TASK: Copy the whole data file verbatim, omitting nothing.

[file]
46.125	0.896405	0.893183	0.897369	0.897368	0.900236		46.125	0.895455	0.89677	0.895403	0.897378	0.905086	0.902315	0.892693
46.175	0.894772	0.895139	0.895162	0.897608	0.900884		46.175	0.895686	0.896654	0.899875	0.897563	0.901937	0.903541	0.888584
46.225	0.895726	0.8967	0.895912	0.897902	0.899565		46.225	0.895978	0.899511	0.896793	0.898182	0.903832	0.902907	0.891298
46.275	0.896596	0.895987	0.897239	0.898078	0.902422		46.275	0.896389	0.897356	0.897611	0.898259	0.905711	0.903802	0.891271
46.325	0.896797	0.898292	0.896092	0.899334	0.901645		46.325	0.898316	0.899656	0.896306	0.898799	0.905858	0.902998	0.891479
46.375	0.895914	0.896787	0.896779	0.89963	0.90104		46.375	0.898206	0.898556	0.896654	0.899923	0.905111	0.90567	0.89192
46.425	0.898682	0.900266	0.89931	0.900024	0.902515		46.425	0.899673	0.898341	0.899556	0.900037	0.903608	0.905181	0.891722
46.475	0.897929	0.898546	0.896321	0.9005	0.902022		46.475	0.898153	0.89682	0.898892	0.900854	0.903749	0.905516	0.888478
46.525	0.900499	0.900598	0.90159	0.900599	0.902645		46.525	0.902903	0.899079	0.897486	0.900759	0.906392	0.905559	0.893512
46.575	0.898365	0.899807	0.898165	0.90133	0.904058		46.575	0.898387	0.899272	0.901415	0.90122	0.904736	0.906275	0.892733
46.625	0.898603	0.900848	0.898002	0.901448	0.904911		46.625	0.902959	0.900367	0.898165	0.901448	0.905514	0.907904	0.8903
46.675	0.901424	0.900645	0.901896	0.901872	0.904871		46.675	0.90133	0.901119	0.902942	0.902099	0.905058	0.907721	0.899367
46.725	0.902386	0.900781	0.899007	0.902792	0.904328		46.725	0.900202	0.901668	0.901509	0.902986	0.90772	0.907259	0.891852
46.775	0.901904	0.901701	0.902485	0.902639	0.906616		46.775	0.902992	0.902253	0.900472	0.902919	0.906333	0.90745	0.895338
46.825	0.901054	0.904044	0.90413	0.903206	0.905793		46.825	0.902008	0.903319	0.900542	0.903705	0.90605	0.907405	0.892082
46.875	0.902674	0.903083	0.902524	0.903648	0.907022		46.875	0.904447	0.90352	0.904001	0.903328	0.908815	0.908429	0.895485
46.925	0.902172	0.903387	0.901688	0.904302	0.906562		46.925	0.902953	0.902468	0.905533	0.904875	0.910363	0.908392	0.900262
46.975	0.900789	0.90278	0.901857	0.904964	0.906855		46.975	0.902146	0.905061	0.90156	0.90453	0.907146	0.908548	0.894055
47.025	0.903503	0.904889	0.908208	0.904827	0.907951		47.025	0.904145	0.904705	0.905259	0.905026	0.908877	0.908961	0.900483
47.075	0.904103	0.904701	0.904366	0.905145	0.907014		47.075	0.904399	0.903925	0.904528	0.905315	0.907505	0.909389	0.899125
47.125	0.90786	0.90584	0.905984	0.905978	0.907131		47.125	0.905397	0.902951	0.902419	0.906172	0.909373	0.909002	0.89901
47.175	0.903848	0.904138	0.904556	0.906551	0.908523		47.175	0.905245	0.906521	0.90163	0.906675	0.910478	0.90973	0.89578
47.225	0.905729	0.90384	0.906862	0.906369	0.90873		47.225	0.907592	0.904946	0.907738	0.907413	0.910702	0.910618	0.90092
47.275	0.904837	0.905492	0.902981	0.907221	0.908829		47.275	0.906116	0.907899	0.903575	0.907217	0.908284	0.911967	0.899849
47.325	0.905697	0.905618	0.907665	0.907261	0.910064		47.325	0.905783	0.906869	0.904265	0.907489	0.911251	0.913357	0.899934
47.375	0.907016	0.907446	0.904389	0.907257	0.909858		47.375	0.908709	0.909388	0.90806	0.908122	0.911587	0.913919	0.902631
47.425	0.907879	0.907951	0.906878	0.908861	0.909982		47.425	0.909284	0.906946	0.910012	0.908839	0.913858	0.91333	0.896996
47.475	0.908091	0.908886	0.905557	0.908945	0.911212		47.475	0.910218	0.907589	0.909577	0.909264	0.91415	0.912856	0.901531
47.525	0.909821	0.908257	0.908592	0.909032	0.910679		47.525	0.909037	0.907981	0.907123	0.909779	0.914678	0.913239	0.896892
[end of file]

46.125	0.896405	0.893183	0.897369	0.897368	0.900236		46.125	0.895455	0.89677	0.895403	0.897378	0.905086	0.902315	0.892693
46.175	0.894772	0.895139	0.895162	0.897608	0.900884		46.175	0.895686	0.896654	0.899875	0.897563	0.901937	0.903541	0.888584
46.225	0.895726	0.8967	0.895912	0.897902	0.899565		46.225	0.895978	0.899511	0.896793	0.898182	0.903832	0.902907	0.891298
46.275	0.896596	0.895987	0.897239	0.898078	0.902422		46.275	0.896389	0.897356	0.897611	0.898259	0.905711	0.903802	0.891271
46.325	0.896797	0.898292	0.896092	0.899334	0.901645		46.325	0.898316	0.899656	0.896306	0.898799	0.905858	0.902998	0.891479
46.375	0.895914	0.896787	0.896779	0.89963	0.90104		46.375	0.898206	0.898556	0.896654	0.899923	0.905111	0.90567	0.89192
46.425	0.898682	0.900266	0.89931	0.900024	0.902515		46.425	0.899673	0.898341	0.899556	0.900037	0.903608	0.905181	0.891722
46.475	0.897929	0.898546	0.896321	0.9005	0.902022		46.475	0.898153	0.89682	0.898892	0.900854	0.903749	0.905516	0.888478
46.525	0.900499	0.900598	0.90159	0.900599	0.902645		46.525	0.902903	0.899079	0.897486	0.900759	0.906392	0.905559	0.893512
46.575	0.898365	0.899807	0.898165	0.90133	0.904058		46.575	0.898387	0.899272	0.901415	0.90122	0.904736	0.906275	0.892733
46.625	0.898603	0.900848	0.898002	0.901448	0.904911		46.625	0.902959	0.900367	0.898165	0.901448	0.905514	0.907904	0.8903
46.675	0.901424	0.900645	0.901896	0.901872	0.904871		46.675	0.90133	0.901119	0.902942	0.902099	0.905058	0.907721	0.899367
46.725	0.902386	0.900781	0.899007	0.902792	0.904328		46.725	0.900202	0.901668	0.901509	0.902986	0.90772	0.907259	0.891852
46.775	0.901904	0.901701	0.902485	0.902639	0.906616		46.775	0.902992	0.902253	0.900472	0.902919	0.906333	0.90745	0.895338
46.825	0.901054	0.904044	0.90413	0.903206	0.905793		46.825	0.902008	0.903319	0.900542	0.903705	0.90605	0.907405	0.892082
46.875	0.902674	0.903083	0.902524	0.903648	0.907022		46.875	0.904447	0.90352	0.904001	0.903328	0.908815	0.908429	0.895485
46.925	0.902172	0.903387	0.901688	0.904302	0.906562		46.925	0.902953	0.902468	0.905533	0.904875	0.910363	0.908392	0.900262
46.975	0.900789	0.90278	0.901857	0.904964	0.906855		46.975	0.902146	0.905061	0.90156	0.90453	0.907146	0.908548	0.894055
47.025	0.903503	0.904889	0.908208	0.904827	0.907951		47.025	0.904145	0.904705	0.905259	0.905026	0.908877	0.908961	0.900483
47.075	0.904103	0.904701	0.904366	0.905145	0.907014		47.075	0.904399	0.903925	0.904528	0.905315	0.907505	0.909389	0.899125
47.125	0.90786	0.90584	0.905984	0.905978	0.907131		47.125	0.905397	0.902951	0.902419	0.906172	0.909373	0.909002	0.89901
47.175	0.903848	0.904138	0.904556	0.906551	0.908523		47.175	0.905245	0.906521	0.90163	0.906675	0.910478	0.90973	0.89578
47.225	0.905729	0.90384	0.906862	0.906369	0.90873		47.225	0.907592	0.904946	0.907738	0.907413	0.910702	0.910618	0.90092
47.275	0.904837	0.905492	0.902981	0.907221	0.908829		47.275	0.906116	0.907899	0.903575	0.907217	0.908284	0.911967	0.899849
47.325	0.905697	0.905618	0.907665	0.907261	0.910064		47.325	0.905783	0.906869	0.904265	0.907489	0.911251	0.913357	0.899934
47.375	0.907016	0.907446	0.904389	0.907257	0.909858		47.375	0.908709	0.909388	0.90806	0.908122	0.911587	0.913919	0.902631
47.425	0.907879	0.907951	0.906878	0.908861	0.909982		47.425	0.909284	0.906946	0.910012	0.908839	0.913858	0.91333	0.896996
47.475	0.908091	0.908886	0.905557	0.908945	0.911212		47.475	0.910218	0.907589	0.909577	0.909264	0.91415	0.912856	0.901531
47.525	0.909821	0.908257	0.908592	0.909032	0.910679		47.525	0.909037	0.907981	0.907123	0.909779	0.914678	0.913239	0.896892